A smiling African-American man in a baseball cap sits at a table in a social lounge type room with other people in the background.

#178 Summer 2014 — Aging

Keeping Seniors Healthy by Fostering Connections and Community

For high needs seniors with chronic illnesses, health is not merely—or even mostly—a matter for medical professionals.

Credit: Photo courtesy of EBALDC

A smiling African-American man in a baseball cap sits at a table in a social lounge type room with other people in the background.

Credit: Photo courtesy of EBALDC

At East Bay Asian Local Development Corporation (EBALDC), we are re-examining our work in community development, including with our many senior residents, based on the belief an ounce of prevention is worth a pound of cure.

EBADLC has built over 2,000 affordable apartments, a third of which are senior housing. Many of our seniors have high needs. Some of them are formerly homeless. Others belong to the small group of patients who account for the majority of health-care spending as they contend with chronic illnesses and difficulties in accessing adequate care. While we feel it’s important to connect these residents to whatever health services they need, managing illness may not address the root causes.

People who live in the more affluent neighborhoods adjacent to where we work in Oakland, Calif., will live on average 14 years longer than people in the neighborhoods we serve, according to the Alameda County Public Health Department. This insight is supported by studies from the World Health Organization and the Robert Wood Johnson Foundation that indicate that your zip code has more to do with how long you live than your genetic code. These studies illustrate that we must do more than create safe housing with services that benefit the surrounding neighborhood.

The quality of life for our residents relies on the quality of the whole neighborhood, not just the building we are responsible for, and their connections to and within that neighborhood. In recognition of this, EBALDC adopted a Healthy Neighborhoods Strategic Plan in 2013. We realized that to succeed in changing the lives of low-income seniors and residents of all ages, we have to do more than build housing. We must reinforce our colleagues’ work throughout the neighborhood, and we must build a strong community for our residents.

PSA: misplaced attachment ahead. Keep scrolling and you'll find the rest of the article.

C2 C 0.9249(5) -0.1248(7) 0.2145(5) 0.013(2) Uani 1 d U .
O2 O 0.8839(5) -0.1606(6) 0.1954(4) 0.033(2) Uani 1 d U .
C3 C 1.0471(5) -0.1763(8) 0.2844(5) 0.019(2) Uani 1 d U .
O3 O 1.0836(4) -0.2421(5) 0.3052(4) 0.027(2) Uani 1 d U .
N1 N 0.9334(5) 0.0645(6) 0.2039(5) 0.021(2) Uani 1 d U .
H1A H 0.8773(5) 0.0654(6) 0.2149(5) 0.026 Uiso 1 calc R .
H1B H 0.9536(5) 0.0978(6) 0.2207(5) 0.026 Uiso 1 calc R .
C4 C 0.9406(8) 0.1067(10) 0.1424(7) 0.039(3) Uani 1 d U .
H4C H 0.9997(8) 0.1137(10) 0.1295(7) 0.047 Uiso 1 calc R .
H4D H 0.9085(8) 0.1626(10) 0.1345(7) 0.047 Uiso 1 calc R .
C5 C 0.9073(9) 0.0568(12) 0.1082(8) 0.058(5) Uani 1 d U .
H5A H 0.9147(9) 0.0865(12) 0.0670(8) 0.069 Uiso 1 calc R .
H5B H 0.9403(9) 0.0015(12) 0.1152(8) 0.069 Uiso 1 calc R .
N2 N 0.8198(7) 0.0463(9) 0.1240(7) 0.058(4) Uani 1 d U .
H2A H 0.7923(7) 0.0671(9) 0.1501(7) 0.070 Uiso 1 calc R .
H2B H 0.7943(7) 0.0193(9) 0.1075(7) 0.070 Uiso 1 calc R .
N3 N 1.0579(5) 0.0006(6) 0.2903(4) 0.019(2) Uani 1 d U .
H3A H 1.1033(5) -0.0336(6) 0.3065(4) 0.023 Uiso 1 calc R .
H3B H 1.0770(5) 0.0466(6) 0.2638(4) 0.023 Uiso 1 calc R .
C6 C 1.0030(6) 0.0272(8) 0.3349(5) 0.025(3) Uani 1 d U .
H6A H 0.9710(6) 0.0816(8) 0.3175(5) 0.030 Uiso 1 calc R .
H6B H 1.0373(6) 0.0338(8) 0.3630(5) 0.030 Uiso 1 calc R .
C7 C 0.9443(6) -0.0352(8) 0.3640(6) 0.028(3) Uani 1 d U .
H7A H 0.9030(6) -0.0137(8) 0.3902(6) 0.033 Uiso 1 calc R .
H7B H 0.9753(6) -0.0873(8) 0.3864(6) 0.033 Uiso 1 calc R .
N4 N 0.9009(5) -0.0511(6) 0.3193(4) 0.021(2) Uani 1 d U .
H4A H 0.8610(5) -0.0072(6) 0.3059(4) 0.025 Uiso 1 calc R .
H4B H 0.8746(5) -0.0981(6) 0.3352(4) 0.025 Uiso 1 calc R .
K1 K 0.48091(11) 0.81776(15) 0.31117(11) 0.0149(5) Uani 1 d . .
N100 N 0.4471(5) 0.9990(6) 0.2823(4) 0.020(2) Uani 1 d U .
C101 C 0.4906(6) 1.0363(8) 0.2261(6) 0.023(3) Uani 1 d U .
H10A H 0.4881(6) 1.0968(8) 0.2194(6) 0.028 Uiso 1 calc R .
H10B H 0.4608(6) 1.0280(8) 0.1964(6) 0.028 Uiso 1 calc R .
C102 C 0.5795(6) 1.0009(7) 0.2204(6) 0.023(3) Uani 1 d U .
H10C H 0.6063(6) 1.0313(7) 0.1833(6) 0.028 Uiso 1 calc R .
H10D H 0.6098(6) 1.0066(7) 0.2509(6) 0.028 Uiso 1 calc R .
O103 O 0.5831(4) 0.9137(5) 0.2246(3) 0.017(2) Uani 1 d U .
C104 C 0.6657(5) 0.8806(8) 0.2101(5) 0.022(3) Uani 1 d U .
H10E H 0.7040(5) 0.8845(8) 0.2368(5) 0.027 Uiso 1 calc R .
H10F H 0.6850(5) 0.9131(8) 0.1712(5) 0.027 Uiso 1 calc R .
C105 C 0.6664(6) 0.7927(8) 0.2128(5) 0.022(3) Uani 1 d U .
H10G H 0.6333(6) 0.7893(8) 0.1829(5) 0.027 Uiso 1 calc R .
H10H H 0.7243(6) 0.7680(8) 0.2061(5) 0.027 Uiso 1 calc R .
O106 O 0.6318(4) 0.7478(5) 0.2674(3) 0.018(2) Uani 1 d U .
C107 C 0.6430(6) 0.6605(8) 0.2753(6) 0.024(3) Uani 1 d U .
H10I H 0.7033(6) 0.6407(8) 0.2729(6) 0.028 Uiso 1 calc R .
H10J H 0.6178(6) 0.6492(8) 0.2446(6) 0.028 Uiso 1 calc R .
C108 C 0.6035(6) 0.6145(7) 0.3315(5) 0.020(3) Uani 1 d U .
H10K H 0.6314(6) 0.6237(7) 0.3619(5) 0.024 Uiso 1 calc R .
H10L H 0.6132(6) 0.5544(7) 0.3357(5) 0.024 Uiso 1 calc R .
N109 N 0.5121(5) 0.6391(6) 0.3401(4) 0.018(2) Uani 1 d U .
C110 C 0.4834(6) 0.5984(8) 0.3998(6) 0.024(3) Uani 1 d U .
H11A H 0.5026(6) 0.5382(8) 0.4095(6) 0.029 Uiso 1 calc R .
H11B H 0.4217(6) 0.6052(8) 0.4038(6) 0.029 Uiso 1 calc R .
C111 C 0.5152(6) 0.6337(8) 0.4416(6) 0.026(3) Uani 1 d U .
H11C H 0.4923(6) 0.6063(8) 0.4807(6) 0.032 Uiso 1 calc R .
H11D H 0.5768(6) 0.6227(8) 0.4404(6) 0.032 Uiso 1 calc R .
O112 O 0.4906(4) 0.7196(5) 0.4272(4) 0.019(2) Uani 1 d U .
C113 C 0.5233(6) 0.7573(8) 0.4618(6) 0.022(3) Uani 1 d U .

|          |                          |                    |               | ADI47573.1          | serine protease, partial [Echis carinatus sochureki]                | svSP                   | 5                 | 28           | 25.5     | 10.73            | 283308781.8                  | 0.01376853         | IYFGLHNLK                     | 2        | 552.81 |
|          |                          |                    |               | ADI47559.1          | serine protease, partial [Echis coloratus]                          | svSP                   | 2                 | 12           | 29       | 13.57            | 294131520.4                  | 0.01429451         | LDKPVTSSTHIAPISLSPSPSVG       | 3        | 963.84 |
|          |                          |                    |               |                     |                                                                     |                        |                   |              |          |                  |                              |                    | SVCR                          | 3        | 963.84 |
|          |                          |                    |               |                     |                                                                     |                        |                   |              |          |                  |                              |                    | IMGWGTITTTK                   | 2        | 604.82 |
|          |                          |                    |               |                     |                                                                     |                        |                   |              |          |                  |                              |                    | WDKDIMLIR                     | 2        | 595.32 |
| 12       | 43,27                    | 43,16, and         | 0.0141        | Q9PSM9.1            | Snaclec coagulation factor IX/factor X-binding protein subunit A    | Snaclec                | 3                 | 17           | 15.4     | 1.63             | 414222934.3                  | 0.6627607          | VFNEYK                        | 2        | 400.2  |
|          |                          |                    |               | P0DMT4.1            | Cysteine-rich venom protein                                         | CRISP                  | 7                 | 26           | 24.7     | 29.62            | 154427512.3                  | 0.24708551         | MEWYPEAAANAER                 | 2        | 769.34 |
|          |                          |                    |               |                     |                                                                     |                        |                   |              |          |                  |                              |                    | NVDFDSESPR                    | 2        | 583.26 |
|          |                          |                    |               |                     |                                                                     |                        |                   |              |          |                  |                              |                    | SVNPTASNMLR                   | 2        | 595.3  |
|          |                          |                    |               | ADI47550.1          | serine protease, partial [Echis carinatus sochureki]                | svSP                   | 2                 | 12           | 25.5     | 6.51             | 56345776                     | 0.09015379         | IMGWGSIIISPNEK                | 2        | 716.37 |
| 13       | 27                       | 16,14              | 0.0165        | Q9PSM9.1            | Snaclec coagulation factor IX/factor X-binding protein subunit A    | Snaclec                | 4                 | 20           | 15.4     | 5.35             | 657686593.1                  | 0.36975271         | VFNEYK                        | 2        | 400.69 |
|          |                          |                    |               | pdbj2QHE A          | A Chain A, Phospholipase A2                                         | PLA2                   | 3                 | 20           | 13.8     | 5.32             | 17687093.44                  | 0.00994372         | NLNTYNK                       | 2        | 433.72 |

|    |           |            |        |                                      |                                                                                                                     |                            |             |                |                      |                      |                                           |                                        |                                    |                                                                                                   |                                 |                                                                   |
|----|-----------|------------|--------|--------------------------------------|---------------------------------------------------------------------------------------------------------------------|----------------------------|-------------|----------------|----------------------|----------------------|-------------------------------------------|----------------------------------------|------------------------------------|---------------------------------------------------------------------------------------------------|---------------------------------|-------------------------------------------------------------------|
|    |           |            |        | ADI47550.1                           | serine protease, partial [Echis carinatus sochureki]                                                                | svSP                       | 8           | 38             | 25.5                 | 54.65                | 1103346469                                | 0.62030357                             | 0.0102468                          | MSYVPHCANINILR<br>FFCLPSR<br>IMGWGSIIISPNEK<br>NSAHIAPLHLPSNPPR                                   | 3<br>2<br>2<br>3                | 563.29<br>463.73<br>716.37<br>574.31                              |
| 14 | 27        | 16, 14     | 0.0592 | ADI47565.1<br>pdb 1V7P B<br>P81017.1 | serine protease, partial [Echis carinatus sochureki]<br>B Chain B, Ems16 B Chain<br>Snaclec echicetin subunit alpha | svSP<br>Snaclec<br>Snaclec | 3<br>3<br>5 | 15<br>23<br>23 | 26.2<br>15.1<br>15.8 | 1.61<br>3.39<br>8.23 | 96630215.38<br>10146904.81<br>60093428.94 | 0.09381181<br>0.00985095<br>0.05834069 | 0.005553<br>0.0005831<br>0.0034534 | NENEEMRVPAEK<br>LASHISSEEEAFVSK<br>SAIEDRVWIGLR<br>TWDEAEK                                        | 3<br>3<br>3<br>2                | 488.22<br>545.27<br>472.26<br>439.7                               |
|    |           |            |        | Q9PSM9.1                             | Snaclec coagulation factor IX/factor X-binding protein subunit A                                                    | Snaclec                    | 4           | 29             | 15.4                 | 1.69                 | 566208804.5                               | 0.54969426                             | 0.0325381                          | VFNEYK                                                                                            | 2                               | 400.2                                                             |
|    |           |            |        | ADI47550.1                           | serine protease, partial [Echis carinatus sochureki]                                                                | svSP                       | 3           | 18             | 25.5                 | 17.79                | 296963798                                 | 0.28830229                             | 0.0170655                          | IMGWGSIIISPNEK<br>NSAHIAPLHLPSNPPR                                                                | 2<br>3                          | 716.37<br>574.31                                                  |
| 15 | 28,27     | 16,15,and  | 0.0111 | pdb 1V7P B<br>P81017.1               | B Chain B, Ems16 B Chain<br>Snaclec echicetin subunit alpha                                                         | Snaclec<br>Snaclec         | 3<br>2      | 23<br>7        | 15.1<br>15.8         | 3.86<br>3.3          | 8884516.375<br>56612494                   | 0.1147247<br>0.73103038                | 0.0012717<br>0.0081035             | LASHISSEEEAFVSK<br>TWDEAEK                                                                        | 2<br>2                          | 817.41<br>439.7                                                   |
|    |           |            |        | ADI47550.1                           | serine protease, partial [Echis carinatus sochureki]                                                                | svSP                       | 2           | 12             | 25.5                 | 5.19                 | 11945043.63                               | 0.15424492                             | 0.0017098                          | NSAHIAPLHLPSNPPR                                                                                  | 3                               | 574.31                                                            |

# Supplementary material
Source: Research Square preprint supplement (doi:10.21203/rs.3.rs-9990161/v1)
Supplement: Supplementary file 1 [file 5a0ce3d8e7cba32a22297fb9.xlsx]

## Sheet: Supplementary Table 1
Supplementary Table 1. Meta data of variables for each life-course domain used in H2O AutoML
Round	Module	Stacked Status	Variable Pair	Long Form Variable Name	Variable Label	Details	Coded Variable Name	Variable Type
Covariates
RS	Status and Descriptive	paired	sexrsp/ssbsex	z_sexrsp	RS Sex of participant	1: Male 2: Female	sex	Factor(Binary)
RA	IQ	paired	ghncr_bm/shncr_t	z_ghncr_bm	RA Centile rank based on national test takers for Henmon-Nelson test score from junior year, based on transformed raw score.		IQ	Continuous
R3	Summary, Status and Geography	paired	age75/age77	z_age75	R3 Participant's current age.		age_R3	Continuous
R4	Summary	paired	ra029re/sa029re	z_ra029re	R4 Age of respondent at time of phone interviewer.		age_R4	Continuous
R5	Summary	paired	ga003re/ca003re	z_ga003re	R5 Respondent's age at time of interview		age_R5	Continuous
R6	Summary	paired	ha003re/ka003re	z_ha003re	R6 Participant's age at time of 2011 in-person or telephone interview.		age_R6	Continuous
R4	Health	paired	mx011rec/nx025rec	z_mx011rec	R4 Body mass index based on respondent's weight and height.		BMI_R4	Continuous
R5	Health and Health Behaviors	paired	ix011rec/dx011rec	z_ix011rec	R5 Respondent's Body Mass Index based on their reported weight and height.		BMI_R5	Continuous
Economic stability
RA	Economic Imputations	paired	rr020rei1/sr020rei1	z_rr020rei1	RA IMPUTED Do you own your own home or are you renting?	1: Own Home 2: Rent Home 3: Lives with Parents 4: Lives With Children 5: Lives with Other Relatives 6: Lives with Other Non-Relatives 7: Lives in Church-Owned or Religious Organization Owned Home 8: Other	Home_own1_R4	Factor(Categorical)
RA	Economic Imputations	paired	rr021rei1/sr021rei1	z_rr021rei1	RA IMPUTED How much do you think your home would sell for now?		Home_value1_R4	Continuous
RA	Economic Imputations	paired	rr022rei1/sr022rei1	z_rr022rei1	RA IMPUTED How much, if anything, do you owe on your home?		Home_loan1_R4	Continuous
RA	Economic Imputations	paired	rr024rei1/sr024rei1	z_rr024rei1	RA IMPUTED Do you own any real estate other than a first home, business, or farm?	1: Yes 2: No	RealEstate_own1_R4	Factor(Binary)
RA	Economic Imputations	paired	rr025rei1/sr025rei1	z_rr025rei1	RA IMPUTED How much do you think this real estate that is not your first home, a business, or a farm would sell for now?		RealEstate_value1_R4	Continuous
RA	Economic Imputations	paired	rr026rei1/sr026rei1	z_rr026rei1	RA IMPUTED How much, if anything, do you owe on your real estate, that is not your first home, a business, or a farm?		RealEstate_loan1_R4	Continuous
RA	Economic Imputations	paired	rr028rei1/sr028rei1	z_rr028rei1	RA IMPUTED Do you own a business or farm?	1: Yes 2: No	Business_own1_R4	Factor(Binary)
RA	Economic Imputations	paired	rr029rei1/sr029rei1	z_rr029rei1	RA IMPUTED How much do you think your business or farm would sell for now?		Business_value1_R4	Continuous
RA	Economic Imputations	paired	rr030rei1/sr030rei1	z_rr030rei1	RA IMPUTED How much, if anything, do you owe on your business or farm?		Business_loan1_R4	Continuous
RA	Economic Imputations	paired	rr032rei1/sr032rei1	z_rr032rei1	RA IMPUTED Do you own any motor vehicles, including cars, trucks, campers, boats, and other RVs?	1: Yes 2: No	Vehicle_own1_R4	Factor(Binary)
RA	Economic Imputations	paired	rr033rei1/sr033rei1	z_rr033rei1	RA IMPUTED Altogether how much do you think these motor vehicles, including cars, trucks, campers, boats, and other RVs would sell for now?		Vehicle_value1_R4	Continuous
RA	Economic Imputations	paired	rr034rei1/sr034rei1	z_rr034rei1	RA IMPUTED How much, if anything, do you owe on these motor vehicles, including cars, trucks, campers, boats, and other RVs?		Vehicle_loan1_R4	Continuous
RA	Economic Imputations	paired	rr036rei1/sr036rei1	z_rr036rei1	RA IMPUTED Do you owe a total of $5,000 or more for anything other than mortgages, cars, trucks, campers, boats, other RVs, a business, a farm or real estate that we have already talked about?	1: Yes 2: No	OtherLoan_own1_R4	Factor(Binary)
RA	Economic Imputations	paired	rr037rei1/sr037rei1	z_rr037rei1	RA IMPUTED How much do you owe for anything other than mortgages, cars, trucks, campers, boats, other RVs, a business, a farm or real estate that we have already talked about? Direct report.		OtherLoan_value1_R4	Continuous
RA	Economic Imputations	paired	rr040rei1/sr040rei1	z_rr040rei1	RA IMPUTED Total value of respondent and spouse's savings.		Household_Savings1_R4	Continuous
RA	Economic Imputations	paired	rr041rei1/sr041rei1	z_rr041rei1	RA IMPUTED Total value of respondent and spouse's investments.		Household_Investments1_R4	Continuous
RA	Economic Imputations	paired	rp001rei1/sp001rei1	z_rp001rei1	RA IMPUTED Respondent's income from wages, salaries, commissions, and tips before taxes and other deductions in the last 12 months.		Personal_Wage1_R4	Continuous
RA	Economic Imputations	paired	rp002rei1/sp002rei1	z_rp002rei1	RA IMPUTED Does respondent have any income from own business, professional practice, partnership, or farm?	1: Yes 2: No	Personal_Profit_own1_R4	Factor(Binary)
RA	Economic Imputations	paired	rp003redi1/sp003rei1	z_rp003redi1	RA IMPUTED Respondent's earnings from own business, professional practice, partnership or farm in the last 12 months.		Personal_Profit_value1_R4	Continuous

Building Up Community

We place a residential services coordinator at each of our buildings and at one of our recent projects, the California Hotel, we employ two full-time, on-site social workers. We try to integrate our resident services coordinators with the health-care system, so we can provide health interventions long before a visit to the emergency room is necessary.

But beyond treating illness early, we want to mitigate the factors that lead to illness in the first place. In addition to drastically reducing health-care costs, this also improves quality of life. People who are relegated to a life of chronic pain are more likely to strike out at those around them. Freedom from pain can open up whole new vistas of meaningful activity.

Therefore, our workers go beyond goals like making sure seniors have transportation to get to the doctor—to help forge connections among the residents, and improvements in how they experience their neighborhood.